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Frieze Los Angeles 2022

Shin Okuda’s Visual Vocabulary

The founder of Los Angeles-based studio Waka Waka on his distinct design language, which combines Japanese craftsmanship with Memphis Group wit

BY Janelle Zara in Frieze Los Angeles , Frieze Week Magazine , Profiles | 14 FEB 22

Shin Okuda, founder of the Los Angeles-based design studio Waka Waka, makes nearly all of the business’s furniture by hand. Combining his admiration for both the elegance of Japanese carpentry and the wit of the Memphis Group, Okuda’s distinct visual language relies on a basic vocabulary of rectangles, cylinders and circles cut primarily from plywood and rhythmically assembled into sculptural forms: bookcases made from cascading stacks of rectangles, for example, scalloped with rows of semi-circles, or a simple rectangular coffee table that appears to float above the floor. It bears a playful humor reminiscent of the work of Ettore Sottsass or Peter Shire, although Okuda’s work is more subdued: in lieu of pattern, his finishes of choice are either solid blocks of colored lacquer or a simple coat of oil on pale Baltic birch.

The vast majority of Okuda’s pieces are one-offs, the result of collaborative commissions that typically come to him via word of mouth. Having worked as a fabricator for artists including T. Kelly Mason and Jorge Pardo, he maintains close ties to the art world: over the years, he’s made a vanity table for ceramic artist Shio Kusaka, an executive desk for Los Angeles’s Matthew Brown Gallery, and seating for both the Dallas Art Fair and NADA Miami. For Los Angeles fashion retailer Creatures of Comfort, he’s designed interiors, and for A.L. Steiner, he crafted Selexxx: 1995–2025 (2015), the card catalogue and desk piece central to the artist’s 2015 solo show at Blum & Poe in Los Angeles.

Waka Waka design studio, Los Angeles, 2021. Courtesy: Shin Okuda; photograph: Carlos Chavarría

“I never went to art school,” says Okuda, a self-taught craftsman from Kyushu, Japan, who studied literature at Chiba University. In lieu of formal training, he recalls a childhood of building robots and cars from the packaging that his mother kept around the house. He was also his grandfather’s helper when it came to handiwork. “He was making everything,” Okuda says, “even his hangers — they were just pieces of wire twisted into these imperfect shapes.”

In his small workshop in Frogtown, a hybrid residential-industrial neighborhood where Silver Lake meets the Los Angeles River, Okuda is wearing a bright-orange sweatshirt with a floral shirt peeking out of its collar, and matching orange cargo pants with black Air Force 1 low tops. Equipped with the basics, including a table saw, a hammer and, more recently, two full-time employees, he developed his simplified approach to design partly out of respect for Japanese craftsmanship and partly out of necessity. Essentially, he explains, “I design what I can make.”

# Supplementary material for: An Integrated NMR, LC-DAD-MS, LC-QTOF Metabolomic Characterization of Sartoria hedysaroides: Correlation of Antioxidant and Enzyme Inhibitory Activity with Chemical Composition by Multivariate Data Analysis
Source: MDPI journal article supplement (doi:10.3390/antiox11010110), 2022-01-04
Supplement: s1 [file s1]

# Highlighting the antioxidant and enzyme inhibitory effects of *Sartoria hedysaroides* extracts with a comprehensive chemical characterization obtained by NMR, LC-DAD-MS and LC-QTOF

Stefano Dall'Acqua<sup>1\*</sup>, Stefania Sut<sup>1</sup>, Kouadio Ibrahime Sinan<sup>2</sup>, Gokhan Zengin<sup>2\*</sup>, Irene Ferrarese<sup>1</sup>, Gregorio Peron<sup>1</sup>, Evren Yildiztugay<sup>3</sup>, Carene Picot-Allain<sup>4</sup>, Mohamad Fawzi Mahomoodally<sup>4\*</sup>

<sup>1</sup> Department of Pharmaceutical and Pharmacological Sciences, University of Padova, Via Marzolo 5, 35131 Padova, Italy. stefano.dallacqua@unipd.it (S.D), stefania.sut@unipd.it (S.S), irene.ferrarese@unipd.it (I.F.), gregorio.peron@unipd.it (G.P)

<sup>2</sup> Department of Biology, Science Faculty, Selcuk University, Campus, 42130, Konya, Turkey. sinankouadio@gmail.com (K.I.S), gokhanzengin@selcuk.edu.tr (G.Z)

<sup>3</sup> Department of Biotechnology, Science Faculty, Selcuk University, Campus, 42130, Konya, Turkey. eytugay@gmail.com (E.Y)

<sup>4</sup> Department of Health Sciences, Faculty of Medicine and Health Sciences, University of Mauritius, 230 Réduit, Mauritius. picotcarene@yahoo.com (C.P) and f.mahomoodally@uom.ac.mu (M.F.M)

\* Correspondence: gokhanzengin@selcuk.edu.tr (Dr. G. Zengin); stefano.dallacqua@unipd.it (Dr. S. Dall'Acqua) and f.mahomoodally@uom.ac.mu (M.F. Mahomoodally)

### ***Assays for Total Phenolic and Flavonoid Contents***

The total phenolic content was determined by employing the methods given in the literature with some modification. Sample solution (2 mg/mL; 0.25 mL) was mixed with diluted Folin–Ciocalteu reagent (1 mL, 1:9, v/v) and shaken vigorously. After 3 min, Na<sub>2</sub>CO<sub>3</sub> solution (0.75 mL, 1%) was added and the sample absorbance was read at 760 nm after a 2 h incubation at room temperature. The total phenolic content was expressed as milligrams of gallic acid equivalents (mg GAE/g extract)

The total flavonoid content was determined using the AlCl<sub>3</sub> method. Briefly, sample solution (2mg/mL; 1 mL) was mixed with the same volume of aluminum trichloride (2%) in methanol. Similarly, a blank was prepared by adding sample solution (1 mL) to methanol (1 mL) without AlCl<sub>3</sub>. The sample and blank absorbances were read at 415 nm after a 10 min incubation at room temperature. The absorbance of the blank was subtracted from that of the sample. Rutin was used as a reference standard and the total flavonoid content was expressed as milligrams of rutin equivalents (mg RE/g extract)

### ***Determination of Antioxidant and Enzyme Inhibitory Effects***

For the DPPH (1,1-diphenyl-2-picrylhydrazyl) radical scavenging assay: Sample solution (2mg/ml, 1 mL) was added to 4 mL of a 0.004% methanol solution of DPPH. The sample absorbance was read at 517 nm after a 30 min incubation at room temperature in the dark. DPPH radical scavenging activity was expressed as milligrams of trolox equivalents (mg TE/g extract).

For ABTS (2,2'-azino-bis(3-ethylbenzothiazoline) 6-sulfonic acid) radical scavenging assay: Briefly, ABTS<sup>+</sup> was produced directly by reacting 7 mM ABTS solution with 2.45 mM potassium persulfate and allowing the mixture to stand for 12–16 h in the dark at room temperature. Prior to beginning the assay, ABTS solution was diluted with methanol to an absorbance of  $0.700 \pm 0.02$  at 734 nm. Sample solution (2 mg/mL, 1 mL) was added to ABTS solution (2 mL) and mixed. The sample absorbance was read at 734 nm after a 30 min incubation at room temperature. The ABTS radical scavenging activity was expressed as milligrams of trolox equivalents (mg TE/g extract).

Shin Okuda in the Waka Waka design studio, Los Angeles, 2021. Courtesy: Shin Okuda; photograph: Carlos Chavarría

The designer came to Los Angeles in 1999, following a brief stint working as a travel agent in Arizona. In 2003, when Pardo was in need of a new fabricator, Okuda happened to be working at the Vietnamese cafe near the artist’s studio, and took the job. “Jorge had a great team of people, a lot of them from ArtCenter [College of Design],” he recalls. After five years of producing Pardo’s art-furniture, he struck out on his own. In 2009, “I wasn’t sure what I wanted to do,” Okuda says, but the same year, his now-wife, fashion designer Kristin Dickson-Okuda, opened her own Los Angeles concept boutique. She commissioned a few pieces from Okuda and, to his surprise, “People started buying my work, so I decided to just keep making furniture.” Listening to the radio in the car, the couple heard Felta Kuti singing the lyrics “So I waka waka waka/I go many places” — and a brand was born.

For the last few weeks, Okuda has been working with a Sonoma winery on custom chairs and side tables for their tasting room. Dickson-Okuda, a frequent collaborator, is designing the soft details, including the square cushions, and because Okuda is colorblind, she also designs the colorful pops of lacquer. For the chairs, he came up with a box-like design that echoes the efficient minimalism of the Bauhaus and Gerrit Rietveld’s pronounced geometries: rectangular pieces of plywood seamlessly joined at perfect right angles, connected by perfectly flush dowels that are imperceptible to the touch. Where they’re barely visible on the surface of the armrest, these dowels add a subtle, rhythmic pattern, embodying the precision and attention to fine detail at the heart of Okuda’s practice. Embracing an absolute, intuitive simplicity, Okuda says, “It’s all about balance: Proportion, shape, length, depth — it’s just what feels good.”

This article first appeared in Frieze Week, February 2022 under the headline ‘Shin Okuda's Waka Waka is LA Elegance’.

Main image: Waka Waka design studio, Los Angeles, 2021. Courtesy: Shin Okuda; photograph: Carlos Chavarría

Janelle Zara is a journalist specializing in art and design. She is based in Los Angeles.